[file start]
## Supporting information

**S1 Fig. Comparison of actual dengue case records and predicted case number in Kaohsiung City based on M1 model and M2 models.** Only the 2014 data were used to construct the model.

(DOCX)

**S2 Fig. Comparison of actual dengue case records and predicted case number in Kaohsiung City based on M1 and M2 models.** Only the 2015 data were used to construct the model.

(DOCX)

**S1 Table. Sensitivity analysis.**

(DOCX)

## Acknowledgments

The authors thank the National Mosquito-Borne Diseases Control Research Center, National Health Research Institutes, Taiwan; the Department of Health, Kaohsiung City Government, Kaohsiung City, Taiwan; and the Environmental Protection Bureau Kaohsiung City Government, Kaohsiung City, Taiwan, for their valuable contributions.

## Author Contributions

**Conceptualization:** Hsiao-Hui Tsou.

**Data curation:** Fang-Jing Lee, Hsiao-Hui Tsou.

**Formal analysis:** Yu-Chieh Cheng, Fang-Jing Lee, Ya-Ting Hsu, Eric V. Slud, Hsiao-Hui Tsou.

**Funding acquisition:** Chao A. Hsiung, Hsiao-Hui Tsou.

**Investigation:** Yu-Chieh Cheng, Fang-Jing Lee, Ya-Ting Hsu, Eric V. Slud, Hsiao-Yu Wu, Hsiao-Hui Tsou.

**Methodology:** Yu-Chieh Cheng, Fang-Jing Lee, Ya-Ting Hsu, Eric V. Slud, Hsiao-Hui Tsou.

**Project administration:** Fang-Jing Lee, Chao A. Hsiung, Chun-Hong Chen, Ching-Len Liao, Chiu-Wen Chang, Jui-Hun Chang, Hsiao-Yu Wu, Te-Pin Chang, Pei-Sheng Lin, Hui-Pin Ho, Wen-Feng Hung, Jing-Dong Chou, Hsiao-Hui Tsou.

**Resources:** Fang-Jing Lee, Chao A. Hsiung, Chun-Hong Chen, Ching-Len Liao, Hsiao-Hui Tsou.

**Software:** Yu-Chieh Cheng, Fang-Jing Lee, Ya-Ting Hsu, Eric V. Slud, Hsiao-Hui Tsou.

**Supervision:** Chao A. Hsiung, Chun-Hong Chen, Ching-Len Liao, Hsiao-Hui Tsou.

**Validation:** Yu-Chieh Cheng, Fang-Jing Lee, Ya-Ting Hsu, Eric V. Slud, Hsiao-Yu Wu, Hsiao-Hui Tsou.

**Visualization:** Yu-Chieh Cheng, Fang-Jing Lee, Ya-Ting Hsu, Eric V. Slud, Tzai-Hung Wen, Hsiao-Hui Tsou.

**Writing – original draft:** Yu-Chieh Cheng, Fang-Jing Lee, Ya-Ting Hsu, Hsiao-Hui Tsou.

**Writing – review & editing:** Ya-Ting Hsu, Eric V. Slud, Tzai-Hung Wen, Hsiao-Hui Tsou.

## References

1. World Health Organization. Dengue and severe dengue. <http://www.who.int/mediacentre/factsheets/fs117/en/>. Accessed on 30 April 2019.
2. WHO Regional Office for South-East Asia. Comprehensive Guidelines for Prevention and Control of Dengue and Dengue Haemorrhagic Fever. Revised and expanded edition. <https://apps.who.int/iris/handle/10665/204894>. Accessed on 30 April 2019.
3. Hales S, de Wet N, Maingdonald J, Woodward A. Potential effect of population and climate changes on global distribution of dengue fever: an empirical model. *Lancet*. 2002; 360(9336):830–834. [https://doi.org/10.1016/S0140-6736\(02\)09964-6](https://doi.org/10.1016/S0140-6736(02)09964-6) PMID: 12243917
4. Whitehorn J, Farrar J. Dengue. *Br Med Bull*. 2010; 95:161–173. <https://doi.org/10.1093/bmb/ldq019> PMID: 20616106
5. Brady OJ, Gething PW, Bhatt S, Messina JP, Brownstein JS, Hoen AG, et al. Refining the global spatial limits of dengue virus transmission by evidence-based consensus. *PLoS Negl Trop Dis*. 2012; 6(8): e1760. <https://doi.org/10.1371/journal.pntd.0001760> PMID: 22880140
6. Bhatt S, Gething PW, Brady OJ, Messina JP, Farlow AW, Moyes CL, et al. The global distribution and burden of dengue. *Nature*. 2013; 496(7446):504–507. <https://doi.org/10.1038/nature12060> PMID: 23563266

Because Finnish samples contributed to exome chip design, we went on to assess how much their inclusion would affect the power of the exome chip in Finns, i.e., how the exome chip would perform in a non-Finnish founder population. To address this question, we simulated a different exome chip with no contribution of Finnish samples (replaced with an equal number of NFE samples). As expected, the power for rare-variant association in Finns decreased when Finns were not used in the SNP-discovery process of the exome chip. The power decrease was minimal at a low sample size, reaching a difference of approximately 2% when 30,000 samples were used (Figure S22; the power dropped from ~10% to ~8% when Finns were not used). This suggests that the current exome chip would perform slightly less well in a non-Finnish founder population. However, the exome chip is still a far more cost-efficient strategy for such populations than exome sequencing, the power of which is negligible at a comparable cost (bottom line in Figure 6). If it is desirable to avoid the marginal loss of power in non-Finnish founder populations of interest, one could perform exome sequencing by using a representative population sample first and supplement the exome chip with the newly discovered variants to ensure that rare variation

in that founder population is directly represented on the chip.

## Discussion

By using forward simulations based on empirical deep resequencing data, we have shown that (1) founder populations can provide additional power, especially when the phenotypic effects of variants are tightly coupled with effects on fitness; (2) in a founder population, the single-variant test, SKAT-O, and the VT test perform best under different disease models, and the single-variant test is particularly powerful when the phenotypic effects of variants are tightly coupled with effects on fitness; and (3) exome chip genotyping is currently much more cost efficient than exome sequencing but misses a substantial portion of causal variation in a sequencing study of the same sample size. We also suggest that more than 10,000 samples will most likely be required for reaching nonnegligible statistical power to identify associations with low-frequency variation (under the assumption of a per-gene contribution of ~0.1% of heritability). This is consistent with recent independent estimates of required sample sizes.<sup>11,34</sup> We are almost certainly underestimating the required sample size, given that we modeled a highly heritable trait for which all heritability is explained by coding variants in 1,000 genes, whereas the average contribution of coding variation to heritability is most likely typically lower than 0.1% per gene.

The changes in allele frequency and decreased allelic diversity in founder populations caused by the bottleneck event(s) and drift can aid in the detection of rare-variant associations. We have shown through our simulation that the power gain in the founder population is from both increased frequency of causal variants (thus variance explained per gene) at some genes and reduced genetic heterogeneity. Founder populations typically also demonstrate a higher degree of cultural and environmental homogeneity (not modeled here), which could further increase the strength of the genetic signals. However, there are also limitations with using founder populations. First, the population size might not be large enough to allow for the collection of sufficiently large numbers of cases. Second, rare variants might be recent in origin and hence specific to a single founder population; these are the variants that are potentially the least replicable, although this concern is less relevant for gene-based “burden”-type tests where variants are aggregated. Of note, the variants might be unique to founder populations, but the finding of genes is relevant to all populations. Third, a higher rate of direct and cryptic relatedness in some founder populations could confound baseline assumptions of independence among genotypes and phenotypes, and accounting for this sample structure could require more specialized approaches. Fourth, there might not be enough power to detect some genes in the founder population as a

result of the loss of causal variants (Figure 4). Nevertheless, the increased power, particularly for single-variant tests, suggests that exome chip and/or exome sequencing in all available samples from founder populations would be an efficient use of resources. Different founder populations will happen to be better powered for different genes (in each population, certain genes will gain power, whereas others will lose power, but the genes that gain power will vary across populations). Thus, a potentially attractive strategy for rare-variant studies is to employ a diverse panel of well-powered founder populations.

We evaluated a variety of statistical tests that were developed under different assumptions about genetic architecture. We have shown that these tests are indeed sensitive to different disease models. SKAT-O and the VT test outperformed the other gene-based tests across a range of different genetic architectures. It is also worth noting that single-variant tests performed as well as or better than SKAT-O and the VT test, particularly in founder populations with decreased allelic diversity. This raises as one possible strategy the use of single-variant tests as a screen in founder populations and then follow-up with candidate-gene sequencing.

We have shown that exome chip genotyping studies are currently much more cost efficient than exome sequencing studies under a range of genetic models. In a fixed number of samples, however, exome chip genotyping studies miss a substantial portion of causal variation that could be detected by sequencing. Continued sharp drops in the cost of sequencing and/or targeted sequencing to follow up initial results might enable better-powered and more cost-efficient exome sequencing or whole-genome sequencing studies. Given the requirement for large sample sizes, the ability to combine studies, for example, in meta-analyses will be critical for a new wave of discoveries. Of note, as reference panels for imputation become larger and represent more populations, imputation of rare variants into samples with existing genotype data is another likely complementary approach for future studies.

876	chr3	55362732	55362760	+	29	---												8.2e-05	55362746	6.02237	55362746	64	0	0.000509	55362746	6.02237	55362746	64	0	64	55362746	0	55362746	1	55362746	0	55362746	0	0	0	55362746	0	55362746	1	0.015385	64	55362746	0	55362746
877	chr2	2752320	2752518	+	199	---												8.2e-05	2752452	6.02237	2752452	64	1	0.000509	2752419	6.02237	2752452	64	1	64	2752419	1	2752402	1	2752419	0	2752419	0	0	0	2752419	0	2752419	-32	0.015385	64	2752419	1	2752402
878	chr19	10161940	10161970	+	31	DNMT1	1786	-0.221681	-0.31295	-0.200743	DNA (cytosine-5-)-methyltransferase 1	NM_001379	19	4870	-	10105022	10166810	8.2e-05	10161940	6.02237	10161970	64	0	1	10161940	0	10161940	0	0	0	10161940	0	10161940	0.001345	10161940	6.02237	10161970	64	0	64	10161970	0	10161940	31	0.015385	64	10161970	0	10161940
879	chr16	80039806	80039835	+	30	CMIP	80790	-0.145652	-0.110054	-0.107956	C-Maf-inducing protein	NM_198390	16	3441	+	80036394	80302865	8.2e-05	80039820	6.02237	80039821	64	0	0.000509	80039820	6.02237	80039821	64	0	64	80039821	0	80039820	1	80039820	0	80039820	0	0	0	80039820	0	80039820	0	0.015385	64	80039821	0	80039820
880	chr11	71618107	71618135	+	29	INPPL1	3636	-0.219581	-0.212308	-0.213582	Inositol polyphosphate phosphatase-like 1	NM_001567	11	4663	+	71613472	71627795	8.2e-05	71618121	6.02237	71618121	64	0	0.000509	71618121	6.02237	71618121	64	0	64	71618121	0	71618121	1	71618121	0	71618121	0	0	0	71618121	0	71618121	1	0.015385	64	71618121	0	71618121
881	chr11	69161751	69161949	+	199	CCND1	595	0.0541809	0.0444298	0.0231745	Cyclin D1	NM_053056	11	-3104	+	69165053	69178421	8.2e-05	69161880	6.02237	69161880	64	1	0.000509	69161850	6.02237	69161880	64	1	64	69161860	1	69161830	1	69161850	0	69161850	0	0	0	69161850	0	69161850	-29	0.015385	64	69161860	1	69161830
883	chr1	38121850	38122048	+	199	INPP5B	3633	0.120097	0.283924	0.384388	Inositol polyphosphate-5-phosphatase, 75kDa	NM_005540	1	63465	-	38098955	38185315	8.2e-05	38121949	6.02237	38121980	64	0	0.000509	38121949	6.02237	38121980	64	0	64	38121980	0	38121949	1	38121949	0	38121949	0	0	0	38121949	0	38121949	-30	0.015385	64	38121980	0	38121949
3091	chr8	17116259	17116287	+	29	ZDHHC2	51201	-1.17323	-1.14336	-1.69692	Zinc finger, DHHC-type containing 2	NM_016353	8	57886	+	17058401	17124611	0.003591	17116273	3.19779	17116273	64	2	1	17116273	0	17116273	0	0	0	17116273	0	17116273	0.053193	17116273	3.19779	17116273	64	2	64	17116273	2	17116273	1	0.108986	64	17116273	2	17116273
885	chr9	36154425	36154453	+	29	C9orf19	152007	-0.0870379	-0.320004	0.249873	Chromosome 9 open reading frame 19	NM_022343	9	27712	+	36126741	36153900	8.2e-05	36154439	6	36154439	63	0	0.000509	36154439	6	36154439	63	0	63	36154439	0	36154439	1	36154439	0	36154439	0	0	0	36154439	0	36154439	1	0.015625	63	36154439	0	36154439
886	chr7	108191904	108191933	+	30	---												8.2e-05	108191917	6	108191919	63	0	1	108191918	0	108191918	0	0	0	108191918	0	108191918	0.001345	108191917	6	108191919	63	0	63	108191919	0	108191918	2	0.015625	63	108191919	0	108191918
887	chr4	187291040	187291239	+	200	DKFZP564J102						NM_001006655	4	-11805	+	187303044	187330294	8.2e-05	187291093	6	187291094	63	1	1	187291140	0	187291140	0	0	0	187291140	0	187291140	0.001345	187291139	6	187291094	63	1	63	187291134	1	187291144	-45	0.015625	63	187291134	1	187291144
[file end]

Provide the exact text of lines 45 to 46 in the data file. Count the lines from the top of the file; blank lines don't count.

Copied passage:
881	chr11	69161751	69161949	+	199	CCND1	595	0.0541809	0.0444298	0.0231745	Cyclin D1	NM_053056	11	-3104	+	69165053	69178421	8.2e-05	69161880	6.02237	69161880	64	1	0.000509	69161850	6.02237	69161880	64	1	64	69161860	1	69161830	1	69161850	0	69161850	0	0	0	69161850	0	69161850	-29	0.015385	64	69161860	1	69161830
883	chr1	38121850	38122048	+	199	INPP5B	3633	0.120097	0.283924	0.384388	Inositol polyphosphate-5-phosphatase, 75kDa	NM_005540	1	63465	-	38098955	38185315	8.2e-05	38121949	6.02237	38121980	64	0	0.000509	38121949	6.02237	38121980	64	0	64	38121980	0	38121949	1	38121949	0	38121949	0	0	0	38121949	0	38121949	-30	0.015385	64	38121980	0	38121949